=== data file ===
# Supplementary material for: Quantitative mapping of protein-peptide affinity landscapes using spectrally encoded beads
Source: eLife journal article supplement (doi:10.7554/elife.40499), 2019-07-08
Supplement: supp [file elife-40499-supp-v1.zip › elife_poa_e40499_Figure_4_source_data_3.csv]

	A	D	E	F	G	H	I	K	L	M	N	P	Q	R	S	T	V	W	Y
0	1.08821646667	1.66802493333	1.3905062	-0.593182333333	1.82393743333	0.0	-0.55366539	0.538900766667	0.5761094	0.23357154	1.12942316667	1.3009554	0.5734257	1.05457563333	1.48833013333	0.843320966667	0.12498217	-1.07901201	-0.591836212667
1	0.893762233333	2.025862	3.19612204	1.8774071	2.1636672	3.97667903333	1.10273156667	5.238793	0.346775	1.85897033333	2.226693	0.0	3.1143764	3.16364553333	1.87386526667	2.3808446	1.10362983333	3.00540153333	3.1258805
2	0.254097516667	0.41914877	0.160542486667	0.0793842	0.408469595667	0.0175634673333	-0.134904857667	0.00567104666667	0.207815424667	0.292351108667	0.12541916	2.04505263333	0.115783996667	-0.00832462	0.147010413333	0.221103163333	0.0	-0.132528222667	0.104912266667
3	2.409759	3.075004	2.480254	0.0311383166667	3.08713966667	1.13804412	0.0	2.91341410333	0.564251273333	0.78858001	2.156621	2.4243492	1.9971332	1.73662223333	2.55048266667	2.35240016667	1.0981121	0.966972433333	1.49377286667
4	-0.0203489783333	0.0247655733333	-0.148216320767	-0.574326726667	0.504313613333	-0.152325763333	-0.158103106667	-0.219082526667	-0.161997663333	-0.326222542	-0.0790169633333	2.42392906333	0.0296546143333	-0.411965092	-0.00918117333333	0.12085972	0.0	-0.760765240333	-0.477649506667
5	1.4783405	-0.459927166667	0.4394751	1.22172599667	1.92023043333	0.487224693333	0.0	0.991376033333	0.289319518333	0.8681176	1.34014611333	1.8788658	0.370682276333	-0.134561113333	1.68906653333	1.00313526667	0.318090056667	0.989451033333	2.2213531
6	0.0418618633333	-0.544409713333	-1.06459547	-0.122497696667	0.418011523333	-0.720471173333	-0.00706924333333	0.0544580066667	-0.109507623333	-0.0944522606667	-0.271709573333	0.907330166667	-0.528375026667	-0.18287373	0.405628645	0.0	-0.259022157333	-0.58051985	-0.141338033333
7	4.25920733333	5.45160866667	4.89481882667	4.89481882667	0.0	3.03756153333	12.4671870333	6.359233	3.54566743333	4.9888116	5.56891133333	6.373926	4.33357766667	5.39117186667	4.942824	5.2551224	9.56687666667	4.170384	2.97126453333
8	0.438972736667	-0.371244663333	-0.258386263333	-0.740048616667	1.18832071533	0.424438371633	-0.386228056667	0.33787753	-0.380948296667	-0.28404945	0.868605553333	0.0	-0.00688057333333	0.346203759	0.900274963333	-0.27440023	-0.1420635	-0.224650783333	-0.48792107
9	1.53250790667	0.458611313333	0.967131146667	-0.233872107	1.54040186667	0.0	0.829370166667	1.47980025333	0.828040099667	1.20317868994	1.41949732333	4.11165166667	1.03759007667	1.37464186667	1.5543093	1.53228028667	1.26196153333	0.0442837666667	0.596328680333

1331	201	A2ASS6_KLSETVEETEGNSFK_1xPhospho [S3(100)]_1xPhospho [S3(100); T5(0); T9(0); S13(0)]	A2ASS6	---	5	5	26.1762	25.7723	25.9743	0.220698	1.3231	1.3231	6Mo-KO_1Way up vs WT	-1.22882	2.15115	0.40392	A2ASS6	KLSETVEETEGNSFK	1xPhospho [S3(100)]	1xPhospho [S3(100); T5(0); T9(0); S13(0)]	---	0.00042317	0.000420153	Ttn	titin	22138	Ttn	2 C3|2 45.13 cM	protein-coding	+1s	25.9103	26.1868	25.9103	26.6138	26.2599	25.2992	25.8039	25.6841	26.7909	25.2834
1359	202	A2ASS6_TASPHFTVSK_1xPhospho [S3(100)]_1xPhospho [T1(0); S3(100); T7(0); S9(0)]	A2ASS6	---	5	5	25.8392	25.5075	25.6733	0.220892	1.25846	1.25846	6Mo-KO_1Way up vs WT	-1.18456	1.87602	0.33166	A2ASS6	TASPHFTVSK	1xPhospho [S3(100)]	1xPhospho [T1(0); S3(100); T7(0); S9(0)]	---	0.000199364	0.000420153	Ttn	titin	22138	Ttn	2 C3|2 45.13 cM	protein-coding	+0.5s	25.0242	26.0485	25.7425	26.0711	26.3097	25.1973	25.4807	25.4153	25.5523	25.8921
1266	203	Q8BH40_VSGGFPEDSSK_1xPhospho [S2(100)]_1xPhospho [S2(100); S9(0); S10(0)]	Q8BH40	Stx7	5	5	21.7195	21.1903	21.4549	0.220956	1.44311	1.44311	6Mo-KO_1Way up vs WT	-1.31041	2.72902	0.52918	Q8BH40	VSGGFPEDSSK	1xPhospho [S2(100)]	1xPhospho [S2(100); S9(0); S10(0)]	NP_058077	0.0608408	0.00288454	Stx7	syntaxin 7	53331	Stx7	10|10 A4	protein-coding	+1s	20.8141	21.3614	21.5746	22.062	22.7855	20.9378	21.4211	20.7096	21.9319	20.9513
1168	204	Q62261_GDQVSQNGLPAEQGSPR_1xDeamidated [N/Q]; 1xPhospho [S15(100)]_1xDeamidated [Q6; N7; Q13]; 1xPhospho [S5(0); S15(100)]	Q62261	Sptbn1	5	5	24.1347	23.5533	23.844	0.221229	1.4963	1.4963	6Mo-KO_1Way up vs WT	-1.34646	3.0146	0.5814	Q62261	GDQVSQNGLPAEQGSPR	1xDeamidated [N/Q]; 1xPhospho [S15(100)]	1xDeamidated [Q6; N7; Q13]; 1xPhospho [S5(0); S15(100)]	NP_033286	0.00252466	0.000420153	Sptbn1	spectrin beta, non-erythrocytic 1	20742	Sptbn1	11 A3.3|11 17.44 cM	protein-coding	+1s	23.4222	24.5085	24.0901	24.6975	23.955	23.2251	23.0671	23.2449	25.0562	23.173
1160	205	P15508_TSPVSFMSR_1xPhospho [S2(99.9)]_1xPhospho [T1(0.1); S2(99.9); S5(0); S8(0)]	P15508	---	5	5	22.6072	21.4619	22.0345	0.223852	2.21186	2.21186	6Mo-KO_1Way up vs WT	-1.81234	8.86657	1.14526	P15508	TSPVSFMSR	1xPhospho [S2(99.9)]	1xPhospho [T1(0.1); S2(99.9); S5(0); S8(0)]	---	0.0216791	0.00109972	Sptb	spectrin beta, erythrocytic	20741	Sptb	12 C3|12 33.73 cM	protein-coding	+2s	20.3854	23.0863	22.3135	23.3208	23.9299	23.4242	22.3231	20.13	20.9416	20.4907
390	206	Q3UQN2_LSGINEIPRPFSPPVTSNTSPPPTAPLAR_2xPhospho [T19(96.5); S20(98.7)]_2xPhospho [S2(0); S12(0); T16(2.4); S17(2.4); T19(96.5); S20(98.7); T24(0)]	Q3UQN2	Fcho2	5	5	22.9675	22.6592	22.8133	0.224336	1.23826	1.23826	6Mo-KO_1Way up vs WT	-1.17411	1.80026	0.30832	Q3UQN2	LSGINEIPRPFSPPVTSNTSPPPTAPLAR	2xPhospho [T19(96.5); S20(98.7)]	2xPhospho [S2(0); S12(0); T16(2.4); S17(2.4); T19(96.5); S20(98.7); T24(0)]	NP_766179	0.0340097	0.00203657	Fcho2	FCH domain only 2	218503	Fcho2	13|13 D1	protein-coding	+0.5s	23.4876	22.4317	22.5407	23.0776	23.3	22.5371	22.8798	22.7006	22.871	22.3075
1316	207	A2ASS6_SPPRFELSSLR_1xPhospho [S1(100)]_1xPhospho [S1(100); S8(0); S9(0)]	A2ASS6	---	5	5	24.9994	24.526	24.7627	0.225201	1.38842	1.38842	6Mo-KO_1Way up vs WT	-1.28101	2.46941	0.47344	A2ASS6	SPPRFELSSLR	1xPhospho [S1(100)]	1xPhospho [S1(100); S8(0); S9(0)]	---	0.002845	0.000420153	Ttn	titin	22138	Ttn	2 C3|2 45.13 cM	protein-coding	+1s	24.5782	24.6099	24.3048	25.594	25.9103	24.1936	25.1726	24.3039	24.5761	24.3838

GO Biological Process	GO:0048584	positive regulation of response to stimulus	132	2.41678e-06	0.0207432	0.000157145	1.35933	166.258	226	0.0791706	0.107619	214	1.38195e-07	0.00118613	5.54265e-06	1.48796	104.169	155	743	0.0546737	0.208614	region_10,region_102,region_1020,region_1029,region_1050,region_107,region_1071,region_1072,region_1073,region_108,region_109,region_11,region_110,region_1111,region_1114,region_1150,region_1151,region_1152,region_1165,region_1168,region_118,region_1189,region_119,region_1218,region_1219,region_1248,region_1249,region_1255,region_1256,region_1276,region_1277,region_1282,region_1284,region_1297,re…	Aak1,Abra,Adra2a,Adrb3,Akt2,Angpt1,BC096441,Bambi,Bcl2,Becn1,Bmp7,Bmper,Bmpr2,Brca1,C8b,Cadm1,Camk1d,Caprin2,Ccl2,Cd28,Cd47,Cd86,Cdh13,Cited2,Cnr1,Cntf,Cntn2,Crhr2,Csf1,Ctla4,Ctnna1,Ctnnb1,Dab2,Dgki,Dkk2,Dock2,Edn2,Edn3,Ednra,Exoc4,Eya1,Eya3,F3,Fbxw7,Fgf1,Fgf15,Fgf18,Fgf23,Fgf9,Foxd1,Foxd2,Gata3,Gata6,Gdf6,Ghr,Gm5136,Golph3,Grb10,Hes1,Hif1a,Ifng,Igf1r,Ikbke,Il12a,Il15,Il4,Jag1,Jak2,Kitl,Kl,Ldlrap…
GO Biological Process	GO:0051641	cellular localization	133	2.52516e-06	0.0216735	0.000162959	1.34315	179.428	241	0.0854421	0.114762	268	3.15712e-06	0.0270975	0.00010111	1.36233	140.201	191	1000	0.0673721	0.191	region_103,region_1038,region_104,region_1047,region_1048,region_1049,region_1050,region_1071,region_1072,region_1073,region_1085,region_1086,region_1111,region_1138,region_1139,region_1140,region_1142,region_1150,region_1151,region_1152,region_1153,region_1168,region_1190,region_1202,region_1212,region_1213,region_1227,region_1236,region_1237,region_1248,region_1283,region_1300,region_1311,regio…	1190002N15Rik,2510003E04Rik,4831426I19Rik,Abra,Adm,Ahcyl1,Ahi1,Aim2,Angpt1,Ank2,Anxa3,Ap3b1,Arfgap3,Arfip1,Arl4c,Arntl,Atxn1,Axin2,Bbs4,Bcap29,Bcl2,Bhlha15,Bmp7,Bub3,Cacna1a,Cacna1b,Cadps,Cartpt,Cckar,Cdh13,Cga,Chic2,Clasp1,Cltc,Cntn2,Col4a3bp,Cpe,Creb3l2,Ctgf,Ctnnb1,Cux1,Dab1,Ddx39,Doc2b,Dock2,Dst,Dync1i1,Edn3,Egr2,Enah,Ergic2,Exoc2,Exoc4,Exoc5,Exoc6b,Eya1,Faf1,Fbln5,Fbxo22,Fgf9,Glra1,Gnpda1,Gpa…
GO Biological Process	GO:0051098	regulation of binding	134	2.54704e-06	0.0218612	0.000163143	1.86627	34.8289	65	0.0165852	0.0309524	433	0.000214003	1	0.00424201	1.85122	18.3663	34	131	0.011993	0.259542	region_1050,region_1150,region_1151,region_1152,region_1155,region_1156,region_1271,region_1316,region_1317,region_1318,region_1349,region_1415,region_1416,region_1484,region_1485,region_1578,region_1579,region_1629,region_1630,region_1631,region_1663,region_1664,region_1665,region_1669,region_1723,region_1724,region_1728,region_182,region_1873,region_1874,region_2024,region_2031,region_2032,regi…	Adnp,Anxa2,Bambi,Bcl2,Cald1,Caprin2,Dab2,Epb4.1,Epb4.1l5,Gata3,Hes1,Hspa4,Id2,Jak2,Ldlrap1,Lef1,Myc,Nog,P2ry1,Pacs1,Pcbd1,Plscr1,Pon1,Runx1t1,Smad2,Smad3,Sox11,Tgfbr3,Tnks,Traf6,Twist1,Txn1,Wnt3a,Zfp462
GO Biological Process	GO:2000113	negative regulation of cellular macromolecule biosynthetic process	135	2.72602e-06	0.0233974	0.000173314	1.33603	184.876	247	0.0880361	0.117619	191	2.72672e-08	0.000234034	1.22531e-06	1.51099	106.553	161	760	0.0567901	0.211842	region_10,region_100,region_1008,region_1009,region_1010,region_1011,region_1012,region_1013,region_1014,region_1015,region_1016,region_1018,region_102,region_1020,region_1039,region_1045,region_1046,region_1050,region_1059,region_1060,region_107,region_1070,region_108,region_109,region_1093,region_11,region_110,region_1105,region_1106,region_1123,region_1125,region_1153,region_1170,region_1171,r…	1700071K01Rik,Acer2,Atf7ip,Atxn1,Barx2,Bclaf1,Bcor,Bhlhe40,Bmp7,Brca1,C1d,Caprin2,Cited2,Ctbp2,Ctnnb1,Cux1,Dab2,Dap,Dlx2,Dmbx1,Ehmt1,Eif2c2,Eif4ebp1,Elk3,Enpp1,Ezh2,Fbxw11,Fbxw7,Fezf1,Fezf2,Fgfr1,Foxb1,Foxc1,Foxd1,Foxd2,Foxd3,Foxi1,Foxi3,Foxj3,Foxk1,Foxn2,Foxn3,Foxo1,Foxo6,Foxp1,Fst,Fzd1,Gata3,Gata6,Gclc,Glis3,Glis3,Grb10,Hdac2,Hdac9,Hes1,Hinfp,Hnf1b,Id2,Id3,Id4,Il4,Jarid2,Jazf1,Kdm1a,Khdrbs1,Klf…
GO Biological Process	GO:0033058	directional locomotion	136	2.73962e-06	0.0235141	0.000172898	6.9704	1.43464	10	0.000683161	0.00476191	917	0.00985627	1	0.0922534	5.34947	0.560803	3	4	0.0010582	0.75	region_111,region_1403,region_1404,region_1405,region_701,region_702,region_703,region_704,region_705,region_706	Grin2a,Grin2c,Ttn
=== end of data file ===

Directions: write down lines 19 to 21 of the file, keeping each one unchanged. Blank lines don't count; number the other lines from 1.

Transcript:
1160	205	P15508_TSPVSFMSR_1xPhospho [S2(99.9)]_1xPhospho [T1(0.1); S2(99.9); S5(0); S8(0)]	P15508	---	5	5	22.6072	21.4619	22.0345	0.223852	2.21186	2.21186	6Mo-KO_1Way up vs WT	-1.81234	8.86657	1.14526	P15508	TSPVSFMSR	1xPhospho [S2(99.9)]	1xPhospho [T1(0.1); S2(99.9); S5(0); S8(0)]	---	0.0216791	0.00109972	Sptb	spectrin beta, erythrocytic	20741	Sptb	12 C3|12 33.73 cM	protein-coding	+2s	20.3854	23.0863	22.3135	23.3208	23.9299	23.4242	22.3231	20.13	20.9416	20.4907
390	206	Q3UQN2_LSGINEIPRPFSPPVTSNTSPPPTAPLAR_2xPhospho [T19(96.5); S20(98.7)]_2xPhospho [S2(0); S12(0); T16(2.4); S17(2.4); T19(96.5); S20(98.7); T24(0)]	Q3UQN2	Fcho2	5	5	22.9675	22.6592	22.8133	0.224336	1.23826	1.23826	6Mo-KO_1Way up vs WT	-1.17411	1.80026	0.30832	Q3UQN2	LSGINEIPRPFSPPVTSNTSPPPTAPLAR	2xPhospho [T19(96.5); S20(98.7)]	2xPhospho [S2(0); S12(0); T16(2.4); S17(2.4); T19(96.5); S20(98.7); T24(0)]	NP_766179	0.0340097	0.00203657	Fcho2	FCH domain only 2	218503	Fcho2	13|13 D1	protein-coding	+0.5s	23.4876	22.4317	22.5407	23.0776	23.3	22.5371	22.8798	22.7006	22.871	22.3075
1316	207	A2ASS6_SPPRFELSSLR_1xPhospho [S1(100)]_1xPhospho [S1(100); S8(0); S9(0)]	A2ASS6	---	5	5	24.9994	24.526	24.7627	0.225201	1.38842	1.38842	6Mo-KO_1Way up vs WT	-1.28101	2.46941	0.47344	A2ASS6	SPPRFELSSLR	1xPhospho [S1(100)]	1xPhospho [S1(100); S8(0); S9(0)]	---	0.002845	0.000420153	Ttn	titin	22138	Ttn	2 C3|2 45.13 cM	protein-coding	+1s	24.5782	24.6099	24.3048	25.594	25.9103	24.1936	25.1726	24.3039	24.5761	24.3838